Not much snow, peaks of 19 degrees Celsius in Norway and even 28 degrees in France: official data confirms the anomalously high temperatures of this past winter.
Global warming and health. A changing climate is making Americans sick
A report from the US government shows how global warming is making Americans sick. With dire predictions for the future, the need for solutions is critical
A report has sounded the alarm about the dangers of global warming for the citizens of the United States. The report, The impacts of climate change on human health in the United States, was released by the country’s government in 2016. Climate change is causing a surge in mental and respiratory illnesses, allergies, deaths from extreme heat and cases of Lyme Disease, according to it. A White House fact sheet explains that as the climate changes, the risks to human health will continue to grow, creating new public health challenges. While some hope may be found in the ability of the human body to adapt to the increased hazards, global warming will likely claim more victims than previously thought.
Global warming and health
Weather and climate are constantly changing, creating severe patterns in new areas or worsening the impact of existing phenomena, for example increased hurricane intensity in the Gulf of Mexico region of the US. Areas previously unaffected by toxic algal blooms or waterborne diseases may encounter these issues in the future, since increasing water temperatures allow the organisms, which pose health risks, to thrive. Climate change can also have an impact on mental health and well-being, with symptoms ranging from minimal stress to anxiety, depression and post-traumatic stress.
Temperature-related deaths and illnesses
Rising temperatures caused by the growing concentrations of greenhouse gases may lead to an increase in deaths and illnesses from heat, especially for children, the elderly, and economically disadvantaged groups. Temperature extremes worsen cardiovascular, respiratory disease and diabetes-related conditions, while also compromising the body’s ability to regulate its temperature, leading to heat cramps, heat exhaustion and heatstroke in extreme heat, or hypothermia and frostbite in extreme cold.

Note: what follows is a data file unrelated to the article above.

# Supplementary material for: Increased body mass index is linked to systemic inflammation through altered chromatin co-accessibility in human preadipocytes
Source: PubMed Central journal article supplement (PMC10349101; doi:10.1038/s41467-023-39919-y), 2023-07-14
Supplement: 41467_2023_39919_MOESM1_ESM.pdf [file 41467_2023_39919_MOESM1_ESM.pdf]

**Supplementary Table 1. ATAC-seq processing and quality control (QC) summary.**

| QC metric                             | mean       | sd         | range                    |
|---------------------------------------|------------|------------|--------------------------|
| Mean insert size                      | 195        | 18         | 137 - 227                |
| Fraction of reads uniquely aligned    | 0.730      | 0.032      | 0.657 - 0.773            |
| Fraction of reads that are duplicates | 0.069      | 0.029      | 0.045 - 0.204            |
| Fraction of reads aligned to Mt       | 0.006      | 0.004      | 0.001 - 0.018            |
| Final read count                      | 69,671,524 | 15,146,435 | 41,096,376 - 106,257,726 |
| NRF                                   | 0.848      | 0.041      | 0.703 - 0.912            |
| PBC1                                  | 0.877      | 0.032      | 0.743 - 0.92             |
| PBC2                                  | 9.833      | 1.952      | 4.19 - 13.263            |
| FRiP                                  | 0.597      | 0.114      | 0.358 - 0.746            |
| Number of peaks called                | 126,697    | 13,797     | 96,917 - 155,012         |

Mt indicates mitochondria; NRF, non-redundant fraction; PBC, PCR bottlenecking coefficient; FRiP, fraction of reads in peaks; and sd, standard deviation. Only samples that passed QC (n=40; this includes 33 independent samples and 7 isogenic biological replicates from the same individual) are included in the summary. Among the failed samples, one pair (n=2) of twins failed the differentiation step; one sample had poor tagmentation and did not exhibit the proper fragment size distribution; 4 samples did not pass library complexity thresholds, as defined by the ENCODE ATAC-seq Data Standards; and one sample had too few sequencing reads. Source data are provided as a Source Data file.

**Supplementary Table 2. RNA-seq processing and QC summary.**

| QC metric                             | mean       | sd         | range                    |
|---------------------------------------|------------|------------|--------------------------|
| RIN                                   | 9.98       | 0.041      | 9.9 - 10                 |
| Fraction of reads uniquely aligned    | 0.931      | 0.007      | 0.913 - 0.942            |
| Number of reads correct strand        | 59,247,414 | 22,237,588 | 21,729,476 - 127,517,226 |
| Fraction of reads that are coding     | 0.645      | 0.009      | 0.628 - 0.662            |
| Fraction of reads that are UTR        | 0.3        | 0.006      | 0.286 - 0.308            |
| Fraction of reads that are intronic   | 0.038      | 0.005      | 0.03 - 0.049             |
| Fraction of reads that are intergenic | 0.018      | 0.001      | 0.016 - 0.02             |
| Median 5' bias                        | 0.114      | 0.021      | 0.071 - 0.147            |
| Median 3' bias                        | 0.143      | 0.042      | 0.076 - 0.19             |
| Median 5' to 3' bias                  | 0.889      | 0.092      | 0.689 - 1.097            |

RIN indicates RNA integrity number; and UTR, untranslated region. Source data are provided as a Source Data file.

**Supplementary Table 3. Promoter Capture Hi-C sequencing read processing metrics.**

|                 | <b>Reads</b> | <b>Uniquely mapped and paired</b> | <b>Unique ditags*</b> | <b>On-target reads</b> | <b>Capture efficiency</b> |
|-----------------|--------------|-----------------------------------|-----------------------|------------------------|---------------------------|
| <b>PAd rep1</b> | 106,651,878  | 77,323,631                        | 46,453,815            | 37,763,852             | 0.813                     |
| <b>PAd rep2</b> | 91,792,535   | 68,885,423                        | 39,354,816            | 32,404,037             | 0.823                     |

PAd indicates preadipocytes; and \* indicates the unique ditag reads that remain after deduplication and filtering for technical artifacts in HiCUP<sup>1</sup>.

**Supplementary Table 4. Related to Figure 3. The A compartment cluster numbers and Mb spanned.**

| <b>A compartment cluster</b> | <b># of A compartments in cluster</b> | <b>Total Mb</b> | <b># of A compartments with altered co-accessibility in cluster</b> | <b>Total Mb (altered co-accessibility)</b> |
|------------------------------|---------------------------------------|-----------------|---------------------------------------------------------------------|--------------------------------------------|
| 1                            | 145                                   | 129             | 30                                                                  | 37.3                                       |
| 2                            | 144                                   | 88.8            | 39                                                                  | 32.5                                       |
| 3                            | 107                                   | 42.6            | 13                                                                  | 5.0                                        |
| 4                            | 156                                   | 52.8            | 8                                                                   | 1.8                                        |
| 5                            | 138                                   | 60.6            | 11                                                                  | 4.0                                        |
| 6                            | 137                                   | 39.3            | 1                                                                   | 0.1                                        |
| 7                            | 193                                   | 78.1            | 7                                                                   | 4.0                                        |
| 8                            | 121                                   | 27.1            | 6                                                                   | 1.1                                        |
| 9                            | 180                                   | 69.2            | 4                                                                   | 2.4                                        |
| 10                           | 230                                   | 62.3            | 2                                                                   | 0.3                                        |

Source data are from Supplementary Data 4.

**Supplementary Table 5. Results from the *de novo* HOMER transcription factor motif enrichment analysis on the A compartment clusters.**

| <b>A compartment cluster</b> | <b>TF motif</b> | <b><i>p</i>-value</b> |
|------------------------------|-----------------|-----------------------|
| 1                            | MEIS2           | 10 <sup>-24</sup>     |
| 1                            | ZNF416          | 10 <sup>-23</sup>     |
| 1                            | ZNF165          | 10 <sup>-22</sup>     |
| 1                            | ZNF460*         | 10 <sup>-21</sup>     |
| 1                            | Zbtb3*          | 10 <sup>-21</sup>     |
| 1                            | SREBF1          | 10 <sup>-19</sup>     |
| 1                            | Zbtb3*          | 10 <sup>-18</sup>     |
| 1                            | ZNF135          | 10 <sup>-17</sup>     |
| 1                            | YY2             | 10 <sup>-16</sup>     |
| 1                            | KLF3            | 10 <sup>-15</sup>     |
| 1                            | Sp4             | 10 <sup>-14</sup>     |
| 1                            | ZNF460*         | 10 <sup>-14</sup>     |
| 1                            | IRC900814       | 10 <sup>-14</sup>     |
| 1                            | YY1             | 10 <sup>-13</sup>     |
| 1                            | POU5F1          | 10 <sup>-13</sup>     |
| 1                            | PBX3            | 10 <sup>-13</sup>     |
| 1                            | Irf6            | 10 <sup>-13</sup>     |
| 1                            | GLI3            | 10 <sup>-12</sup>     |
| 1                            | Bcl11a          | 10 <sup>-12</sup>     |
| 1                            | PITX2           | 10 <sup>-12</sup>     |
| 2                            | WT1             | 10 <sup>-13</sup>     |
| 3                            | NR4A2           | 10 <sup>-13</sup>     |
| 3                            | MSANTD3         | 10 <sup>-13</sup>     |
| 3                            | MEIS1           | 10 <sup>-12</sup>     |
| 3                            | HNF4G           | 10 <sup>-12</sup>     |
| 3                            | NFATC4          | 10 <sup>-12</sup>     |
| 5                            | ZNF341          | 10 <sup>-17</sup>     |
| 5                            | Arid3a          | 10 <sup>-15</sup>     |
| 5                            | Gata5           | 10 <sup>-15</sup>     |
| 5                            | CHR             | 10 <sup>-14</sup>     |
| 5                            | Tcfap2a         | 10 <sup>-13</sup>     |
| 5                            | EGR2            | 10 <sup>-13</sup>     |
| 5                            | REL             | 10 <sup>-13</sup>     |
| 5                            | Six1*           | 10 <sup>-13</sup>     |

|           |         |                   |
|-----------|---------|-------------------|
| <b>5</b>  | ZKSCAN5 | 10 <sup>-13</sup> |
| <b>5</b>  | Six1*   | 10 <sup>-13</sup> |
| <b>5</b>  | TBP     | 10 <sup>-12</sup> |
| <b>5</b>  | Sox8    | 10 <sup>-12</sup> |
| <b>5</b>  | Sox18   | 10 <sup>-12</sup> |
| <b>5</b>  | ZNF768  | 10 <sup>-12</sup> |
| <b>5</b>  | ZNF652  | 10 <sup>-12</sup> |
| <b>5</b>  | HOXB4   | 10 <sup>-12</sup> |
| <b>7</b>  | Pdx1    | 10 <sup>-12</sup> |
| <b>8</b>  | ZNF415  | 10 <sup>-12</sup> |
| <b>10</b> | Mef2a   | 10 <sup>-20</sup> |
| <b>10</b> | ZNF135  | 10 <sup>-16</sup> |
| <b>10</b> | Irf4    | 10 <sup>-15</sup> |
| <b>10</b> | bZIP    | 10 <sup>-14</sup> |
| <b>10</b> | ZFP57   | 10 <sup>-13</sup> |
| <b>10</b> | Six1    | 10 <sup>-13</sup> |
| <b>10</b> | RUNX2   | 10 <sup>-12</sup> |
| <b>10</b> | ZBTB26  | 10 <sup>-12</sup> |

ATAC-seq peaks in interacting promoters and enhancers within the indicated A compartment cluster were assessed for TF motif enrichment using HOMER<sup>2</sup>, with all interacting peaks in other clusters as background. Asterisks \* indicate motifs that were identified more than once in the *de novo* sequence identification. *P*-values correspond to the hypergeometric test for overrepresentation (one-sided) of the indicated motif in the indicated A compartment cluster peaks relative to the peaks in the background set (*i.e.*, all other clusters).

— NBC News (@NBCNews) April 4, 2016
Air quality impacts
Both indoor and outdoor air quality is affected by changes in the climate, with a negative effect on the human respiratory and cardiovascular systems. Changing weather patterns have an influence on the levels and location of outdoor air pollutants, such as ground-level ozone (O3) and fine particulate matter. Higher carbon dioxide (CO2), which promotes the growth of plants, translates into a surge in the release of airborne allergens. Indoor air quality is also affected, as the aforementioned pollutants and allergens enter all types of buildings. Higher concentrations of pollen can increase allergic reactions and asthma episodes.
Vector-borne diseases and water-related illnesses
Insect vectors, which include mosquitoes, ticks and fleas, can carry pathogens, which they can transfer to humans or other animals. The distribution of vector-borne diseases is greatly influenced by temperature extremes and precipitation. Lyme disease has been steadily increasing in the Northeast and Upper Midwestern Unites States. Water-related illnesses are caused by pathogens or toxins produced by harmful algae and man-made chemicals. Humans are typically exposed through ingestion, inhalation, or direct contact with contaminated water, fish and shellfish. Changes in climate affect the spread and virulence or toxicity of the agents causing illnesses.
Food safety, nutrition and distribution
Climate change will likely affect food security all over the globe, by disrupting food availability and decreasing access to nutrition. Rising global temperatures and changing weather patterns may have significant consequences for contamination, spoilage and the disruption of food distribution. Also, while higher concentrations of CO2 may stimulate growth and carbohydrate production in some plants, it may also lower protein and essential minerals content in some widely consumed crops such as wheat, rice and potatoes, with potentially negative implications on human nutrition.
How the American government plans to respond
The Obama administration’s response plan includes the expansion of the President’s Task Force on Environmental Health Risks and Safety Risks to Children, as well as the introduction of educational materials on climate change and health. The Climate-Ready Tribes and Territories Initiative, will provide awards for tribal and territorial health departments for managing and addressing the health effects of climate change. Also, the 23rd to the 27th of May will be designated as Extreme Heat Week, during which federal agencies will enhance community preparedness for extreme heat events. Yet, the government isn’t doing enough according to Howard Frumkin, dean of the University of Washington’s public health school. “The report clearly establishes that climate change is a major threat to public health in the United States,” he said, but “there is a vast disconnect between the magnitude of the problem, as outlined by this report, and the response of government health agencies”.
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